It's the world's longest non-stop flight... for now
Move over Qatar, and back off Qantas. Singapore Airlines (SIA) is reclaiming the world's longest non-stop flight.
From October, passengers will be able to fly from Singapore to Newark, New Jersey - a journey that will take nearly 19 hours.
The longest non-stop flight available at the moment is Qatar's 17.5-hour Auckland to Doha route.
That's closely followed by Qantas' 17-hour non-stop flight between Perth and London, which launched earlier this year.
But reclaiming the world's longest route is a bittersweet victory for Singapore's national carrier.
From 2004 to 2013, it offered the same non-stop service, from Singapore's Changi airport to Newark's international airport, which services New York City.
But a rise in oil prices, among other factors, meant the fuel-guzzling plane it was using - Airbus' A340-500 - became too expensive to run.
The route was cancelled and, luckily for the airline, it was able to return the jets to Airbus.
SIA is about to get its hands on a brand new Airbus model, which it hopes will make the non-stop Singapore to Newark route commercially viable again.
The A350-900 ULR (ultra long range) belongs to Airbus' family of long-range, twin-engine aircraft that have been designed to replace the older Boeing 777 series. Airbus reckons they use about 25% less fuel than the 777s did.
Cathay and Singapore Airlines already operate a number of "dash-900s", as they're affectionately known within the industry, across a number of long-haul routes.
But the A350-900 ULRs have been modified to meet the requirements for non-stop Singapore to Newark flights.
"These aircraft have the longest capability of any aircraft flying today," says Sean Lee, an Airbus spokesperson in Singapore.
"They can fly for up to 9,700 nautical miles non-stop - that's over 20 hours of flying time. And they can do that because we have modified the existing fuel system so they can carry an additional 24,000 litres of fuel."
But there's no economy class?
No, there's no economy. Just business class and premium economy.
SIA's new planes will seat 161, including 67 business passengers and 94 premium economy passengers. That's compared to 253 seats across four classes on SIA's other A350-900s.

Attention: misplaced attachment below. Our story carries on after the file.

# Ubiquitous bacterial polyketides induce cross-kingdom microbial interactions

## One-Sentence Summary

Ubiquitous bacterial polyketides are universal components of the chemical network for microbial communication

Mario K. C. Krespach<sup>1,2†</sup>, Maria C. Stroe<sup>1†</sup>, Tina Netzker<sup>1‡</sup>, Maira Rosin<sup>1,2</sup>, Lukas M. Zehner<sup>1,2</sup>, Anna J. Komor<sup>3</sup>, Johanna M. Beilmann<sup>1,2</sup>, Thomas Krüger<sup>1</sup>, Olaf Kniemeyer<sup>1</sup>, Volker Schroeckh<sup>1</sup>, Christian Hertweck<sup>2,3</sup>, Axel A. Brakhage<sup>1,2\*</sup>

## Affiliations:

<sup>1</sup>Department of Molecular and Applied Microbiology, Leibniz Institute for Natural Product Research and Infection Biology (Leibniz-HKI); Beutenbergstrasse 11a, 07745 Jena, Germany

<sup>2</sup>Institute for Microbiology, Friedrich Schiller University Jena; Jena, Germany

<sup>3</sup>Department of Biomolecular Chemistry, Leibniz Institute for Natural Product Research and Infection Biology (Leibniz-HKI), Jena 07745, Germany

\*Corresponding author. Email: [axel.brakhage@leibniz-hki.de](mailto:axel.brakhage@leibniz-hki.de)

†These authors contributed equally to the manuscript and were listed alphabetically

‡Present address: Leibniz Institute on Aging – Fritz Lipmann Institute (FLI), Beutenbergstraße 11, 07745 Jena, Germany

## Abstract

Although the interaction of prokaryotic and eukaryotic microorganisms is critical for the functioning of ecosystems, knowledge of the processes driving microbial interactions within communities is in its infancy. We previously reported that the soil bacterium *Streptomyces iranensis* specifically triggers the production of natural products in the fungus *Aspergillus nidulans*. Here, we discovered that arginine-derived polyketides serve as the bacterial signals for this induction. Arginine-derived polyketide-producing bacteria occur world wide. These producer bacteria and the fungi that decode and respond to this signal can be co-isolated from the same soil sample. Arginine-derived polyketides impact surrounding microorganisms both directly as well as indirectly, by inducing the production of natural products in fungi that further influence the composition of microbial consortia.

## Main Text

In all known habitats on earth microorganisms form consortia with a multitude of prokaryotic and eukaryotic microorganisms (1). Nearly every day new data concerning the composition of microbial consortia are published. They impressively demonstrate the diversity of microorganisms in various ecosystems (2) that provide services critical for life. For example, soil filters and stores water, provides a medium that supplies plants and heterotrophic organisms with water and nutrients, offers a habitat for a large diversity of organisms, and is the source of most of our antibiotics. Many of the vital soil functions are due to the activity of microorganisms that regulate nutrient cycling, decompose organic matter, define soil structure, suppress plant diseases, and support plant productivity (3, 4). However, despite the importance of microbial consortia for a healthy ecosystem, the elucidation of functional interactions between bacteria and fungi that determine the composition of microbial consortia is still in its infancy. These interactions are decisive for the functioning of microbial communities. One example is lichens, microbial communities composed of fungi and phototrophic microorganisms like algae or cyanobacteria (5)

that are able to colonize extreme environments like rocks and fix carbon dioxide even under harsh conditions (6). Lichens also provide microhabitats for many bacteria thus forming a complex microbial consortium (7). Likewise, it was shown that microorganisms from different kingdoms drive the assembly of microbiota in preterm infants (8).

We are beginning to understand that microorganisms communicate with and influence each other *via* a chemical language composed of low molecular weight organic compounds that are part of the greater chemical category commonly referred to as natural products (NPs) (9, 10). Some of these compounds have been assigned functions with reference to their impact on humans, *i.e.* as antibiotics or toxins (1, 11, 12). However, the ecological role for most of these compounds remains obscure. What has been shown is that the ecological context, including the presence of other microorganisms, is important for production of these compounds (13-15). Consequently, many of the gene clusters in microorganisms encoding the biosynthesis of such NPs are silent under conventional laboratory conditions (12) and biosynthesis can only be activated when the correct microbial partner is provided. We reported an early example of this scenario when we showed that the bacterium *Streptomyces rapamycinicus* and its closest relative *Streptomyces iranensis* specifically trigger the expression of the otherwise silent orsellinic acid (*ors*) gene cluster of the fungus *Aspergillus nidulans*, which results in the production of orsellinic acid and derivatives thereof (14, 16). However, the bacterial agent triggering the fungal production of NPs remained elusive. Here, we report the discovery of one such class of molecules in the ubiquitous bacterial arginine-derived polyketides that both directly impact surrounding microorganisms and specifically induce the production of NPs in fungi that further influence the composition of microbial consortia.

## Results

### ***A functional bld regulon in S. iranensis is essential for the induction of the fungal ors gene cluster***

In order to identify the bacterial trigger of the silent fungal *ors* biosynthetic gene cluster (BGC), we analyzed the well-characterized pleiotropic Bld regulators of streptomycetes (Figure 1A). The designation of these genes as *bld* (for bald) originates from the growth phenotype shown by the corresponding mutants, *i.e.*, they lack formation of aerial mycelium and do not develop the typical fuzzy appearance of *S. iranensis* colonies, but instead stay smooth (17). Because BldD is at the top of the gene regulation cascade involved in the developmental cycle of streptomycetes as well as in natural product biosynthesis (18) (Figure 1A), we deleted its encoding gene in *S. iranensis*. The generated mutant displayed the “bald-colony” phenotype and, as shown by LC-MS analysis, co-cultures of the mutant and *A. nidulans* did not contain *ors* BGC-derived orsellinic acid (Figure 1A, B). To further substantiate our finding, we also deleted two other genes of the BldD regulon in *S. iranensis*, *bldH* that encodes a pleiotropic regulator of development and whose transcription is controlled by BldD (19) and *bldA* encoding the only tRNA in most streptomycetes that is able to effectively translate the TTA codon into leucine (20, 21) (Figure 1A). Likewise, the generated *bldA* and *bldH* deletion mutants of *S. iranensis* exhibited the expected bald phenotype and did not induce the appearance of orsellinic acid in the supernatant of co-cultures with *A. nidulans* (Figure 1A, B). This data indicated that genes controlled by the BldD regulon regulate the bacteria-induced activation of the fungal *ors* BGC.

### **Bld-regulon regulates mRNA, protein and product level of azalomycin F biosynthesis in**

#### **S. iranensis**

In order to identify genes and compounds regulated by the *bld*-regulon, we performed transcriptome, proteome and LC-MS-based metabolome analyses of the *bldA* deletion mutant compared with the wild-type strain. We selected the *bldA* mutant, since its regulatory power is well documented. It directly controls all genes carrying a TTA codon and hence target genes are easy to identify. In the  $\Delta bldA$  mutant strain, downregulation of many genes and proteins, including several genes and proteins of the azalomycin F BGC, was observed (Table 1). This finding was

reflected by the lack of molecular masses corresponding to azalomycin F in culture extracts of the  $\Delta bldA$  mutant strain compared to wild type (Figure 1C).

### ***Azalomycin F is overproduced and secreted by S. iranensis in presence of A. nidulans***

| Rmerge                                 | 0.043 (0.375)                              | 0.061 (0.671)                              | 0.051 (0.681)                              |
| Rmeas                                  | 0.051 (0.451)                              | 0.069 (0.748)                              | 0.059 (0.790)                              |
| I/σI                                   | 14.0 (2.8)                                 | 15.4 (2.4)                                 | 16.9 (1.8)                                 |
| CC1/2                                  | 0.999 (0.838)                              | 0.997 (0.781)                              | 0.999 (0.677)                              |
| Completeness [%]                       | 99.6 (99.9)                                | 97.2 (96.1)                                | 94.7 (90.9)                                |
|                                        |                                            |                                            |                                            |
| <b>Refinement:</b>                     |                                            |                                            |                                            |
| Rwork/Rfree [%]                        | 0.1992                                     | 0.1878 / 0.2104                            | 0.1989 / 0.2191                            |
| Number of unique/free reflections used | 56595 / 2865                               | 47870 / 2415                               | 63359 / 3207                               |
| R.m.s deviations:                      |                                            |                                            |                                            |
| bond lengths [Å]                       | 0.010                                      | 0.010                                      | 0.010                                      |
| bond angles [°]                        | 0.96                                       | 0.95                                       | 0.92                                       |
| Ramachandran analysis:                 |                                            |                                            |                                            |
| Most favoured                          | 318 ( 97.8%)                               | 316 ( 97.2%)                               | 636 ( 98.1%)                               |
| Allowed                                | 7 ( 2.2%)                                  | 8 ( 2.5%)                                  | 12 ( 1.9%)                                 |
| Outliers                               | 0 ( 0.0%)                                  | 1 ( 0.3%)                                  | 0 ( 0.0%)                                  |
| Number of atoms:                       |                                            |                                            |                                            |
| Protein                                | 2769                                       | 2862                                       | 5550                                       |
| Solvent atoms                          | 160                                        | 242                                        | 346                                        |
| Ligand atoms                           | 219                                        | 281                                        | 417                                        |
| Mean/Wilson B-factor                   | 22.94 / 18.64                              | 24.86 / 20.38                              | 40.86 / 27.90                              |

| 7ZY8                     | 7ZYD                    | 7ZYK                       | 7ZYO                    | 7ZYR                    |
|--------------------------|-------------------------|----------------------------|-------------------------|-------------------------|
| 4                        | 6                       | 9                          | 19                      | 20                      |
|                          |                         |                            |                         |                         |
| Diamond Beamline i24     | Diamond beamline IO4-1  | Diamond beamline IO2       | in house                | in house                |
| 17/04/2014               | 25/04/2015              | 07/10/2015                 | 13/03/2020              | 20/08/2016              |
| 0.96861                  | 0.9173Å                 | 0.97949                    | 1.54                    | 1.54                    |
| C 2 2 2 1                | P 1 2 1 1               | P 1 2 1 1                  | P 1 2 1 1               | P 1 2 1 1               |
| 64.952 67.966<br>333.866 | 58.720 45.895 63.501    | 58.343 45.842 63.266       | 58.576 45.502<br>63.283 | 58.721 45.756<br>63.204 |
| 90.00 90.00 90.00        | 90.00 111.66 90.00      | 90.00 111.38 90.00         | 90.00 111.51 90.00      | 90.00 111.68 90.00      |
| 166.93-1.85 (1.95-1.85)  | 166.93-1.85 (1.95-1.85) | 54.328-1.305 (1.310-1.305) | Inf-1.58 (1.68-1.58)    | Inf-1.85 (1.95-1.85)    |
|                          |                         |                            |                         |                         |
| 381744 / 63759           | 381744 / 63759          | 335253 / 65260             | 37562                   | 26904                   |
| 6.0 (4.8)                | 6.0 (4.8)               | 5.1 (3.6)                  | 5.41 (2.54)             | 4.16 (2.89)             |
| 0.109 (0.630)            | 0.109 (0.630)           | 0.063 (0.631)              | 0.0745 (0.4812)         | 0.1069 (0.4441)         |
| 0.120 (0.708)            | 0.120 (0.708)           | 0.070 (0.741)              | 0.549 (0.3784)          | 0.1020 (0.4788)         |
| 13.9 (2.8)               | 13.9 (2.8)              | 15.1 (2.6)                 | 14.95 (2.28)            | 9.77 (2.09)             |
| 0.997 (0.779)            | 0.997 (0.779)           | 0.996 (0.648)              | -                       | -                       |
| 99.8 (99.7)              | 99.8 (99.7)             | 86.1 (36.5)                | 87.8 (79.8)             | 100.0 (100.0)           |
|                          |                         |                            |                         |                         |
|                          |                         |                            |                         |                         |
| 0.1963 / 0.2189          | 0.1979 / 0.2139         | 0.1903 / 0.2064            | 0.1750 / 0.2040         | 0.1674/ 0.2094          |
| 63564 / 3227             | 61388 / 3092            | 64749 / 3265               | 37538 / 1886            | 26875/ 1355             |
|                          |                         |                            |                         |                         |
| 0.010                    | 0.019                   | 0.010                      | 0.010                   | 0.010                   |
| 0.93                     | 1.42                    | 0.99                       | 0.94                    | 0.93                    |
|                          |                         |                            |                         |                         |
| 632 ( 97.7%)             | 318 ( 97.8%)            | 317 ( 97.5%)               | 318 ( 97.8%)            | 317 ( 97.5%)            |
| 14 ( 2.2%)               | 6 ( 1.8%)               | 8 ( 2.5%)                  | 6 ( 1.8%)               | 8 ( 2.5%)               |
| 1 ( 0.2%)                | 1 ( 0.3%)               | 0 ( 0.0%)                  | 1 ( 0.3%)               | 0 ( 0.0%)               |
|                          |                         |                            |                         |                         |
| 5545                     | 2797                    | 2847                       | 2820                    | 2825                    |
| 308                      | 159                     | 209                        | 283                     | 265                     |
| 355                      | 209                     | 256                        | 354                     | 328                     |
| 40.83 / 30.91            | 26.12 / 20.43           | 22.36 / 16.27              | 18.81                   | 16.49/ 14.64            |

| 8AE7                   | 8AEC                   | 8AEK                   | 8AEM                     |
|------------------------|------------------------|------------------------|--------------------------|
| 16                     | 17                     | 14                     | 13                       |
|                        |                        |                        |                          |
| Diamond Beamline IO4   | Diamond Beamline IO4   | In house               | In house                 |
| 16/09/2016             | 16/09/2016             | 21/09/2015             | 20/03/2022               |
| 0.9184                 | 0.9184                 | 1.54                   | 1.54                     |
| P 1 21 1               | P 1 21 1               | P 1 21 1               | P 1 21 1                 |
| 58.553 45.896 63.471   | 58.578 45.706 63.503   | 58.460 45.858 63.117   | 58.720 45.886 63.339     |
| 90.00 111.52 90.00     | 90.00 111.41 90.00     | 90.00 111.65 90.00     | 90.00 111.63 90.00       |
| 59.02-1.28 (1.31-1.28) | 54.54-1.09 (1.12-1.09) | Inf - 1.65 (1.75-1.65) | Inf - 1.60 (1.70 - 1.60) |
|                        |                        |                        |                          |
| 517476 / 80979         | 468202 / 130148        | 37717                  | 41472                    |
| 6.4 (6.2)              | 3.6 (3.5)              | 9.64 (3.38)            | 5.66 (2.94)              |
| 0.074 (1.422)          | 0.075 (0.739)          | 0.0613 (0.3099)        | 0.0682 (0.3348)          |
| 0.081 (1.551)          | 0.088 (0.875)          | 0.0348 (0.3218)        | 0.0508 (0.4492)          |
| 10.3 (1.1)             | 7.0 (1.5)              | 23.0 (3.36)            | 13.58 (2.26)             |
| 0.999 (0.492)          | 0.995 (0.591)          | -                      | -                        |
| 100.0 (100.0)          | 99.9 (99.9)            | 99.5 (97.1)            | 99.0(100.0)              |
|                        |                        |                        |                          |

"If they had economy seats as well, it would mean more people, and more weight on board," explains Ellis Taylor, from the online publication Flightglobal.
"Singapore Airlines is also making it very clear that this is a premium service and that fares will be higher than normal."
But Mr Taylor predicts SIA will not struggle to get people on board.
"There is now real customer demand, particularly from business travellers," he says.
"When SIA last operated those flights, while seasonal, it appeared to show that there was demand for people to fly non-stop from the US to Singapore, and with trade relations growing, that market has grown."
What will passengers notice?
Compared to older jets, the A350-900 ULRs have higher ceilings, larger windows and lighting designed to reduce jetlag.
But if you don't know very much about planes, you probably won't notice much else, says Geoffrey Thomas, editor-in-chief of airline rating site Airlineratings.com.
"The plane's take-off weight has been increased to allow it to carry more fuel in its existing tank set up, that's the biggest difference," he explains.
New technology also allows for "higher humidity settings, and lower cabin altitude settings," he adds.
This comfort comes at a hefty price, however, with premium economy prices ranging from about 2,200 Singapore dollars ($1,649; £1,229) to more than double that for entry level business tickets.
While some passengers would baulk at the idea of being above the clouds for the best part of a day, there are clearly enough who prefer to avoid stopovers, even if they're travelling in economy.
Most of the passengers on board Qantas' inaugural 17-hour-long flight between Perth and London told the BBC they'd enjoyed the journey immensely.
Qantas has told the BBC that their Perth to London route is "performing very strongly in all cabins, including regular economy seats".
Are these long flights a sign of things to come?
In 2005, a Boeing aircraft flew a record-breaking 13,422 miles the "wrong way" from Hong Kong to London - that is, the longer route over the Pacific, the United States and the Atlantic Ocean.
Airlineratings.com's Geoffrey Thomas was on board, with 35 others.
"It was most enjoyable," says Mr Thomas. "I hate stopping, along with most business travellers.
"There's evidence to show that when an airline offers a non-stop flight, there is a three-fold lift of traffic on that route," he adds.
What does the future hold?
Airbus and Boeing are currently working on a project called Qantas Sunrise, which would offer Australia's flag carrier a plane that could carry 300 passengers from Sydney to London or New York to Sydney, without stopping.
The route has been described as the final frontier of aviation.
Airbus is considering building under-floor sleeping pods in the cargo area of the specialised plane - a bit like the sleeping pods that are provided for flight and cabin crew on some long-haul flights.
Other cargo areas may even be turned into conference rooms, or play areas for children.
Meanwhile, it's been rumoured that Air New Zealand is shopping for a plane that will carry passengers non-stop from Auckland to New York.
But how far is too far when it comes to ultra long haul?
"I don't think we will see much beyond 21 hours, as that sort of flight almost covers any two worthwhile points on the globe," says Mr Thomas.
The longer the flights go, the more they are the province of business or premium economy passengers, because of the comfort levels required, he added.
"Having said that, Qantas is getting excellent feedback on its Perth to London flight from economy passengers, so who really knows?"
Additional reporting by Ana Nicolaci da Costa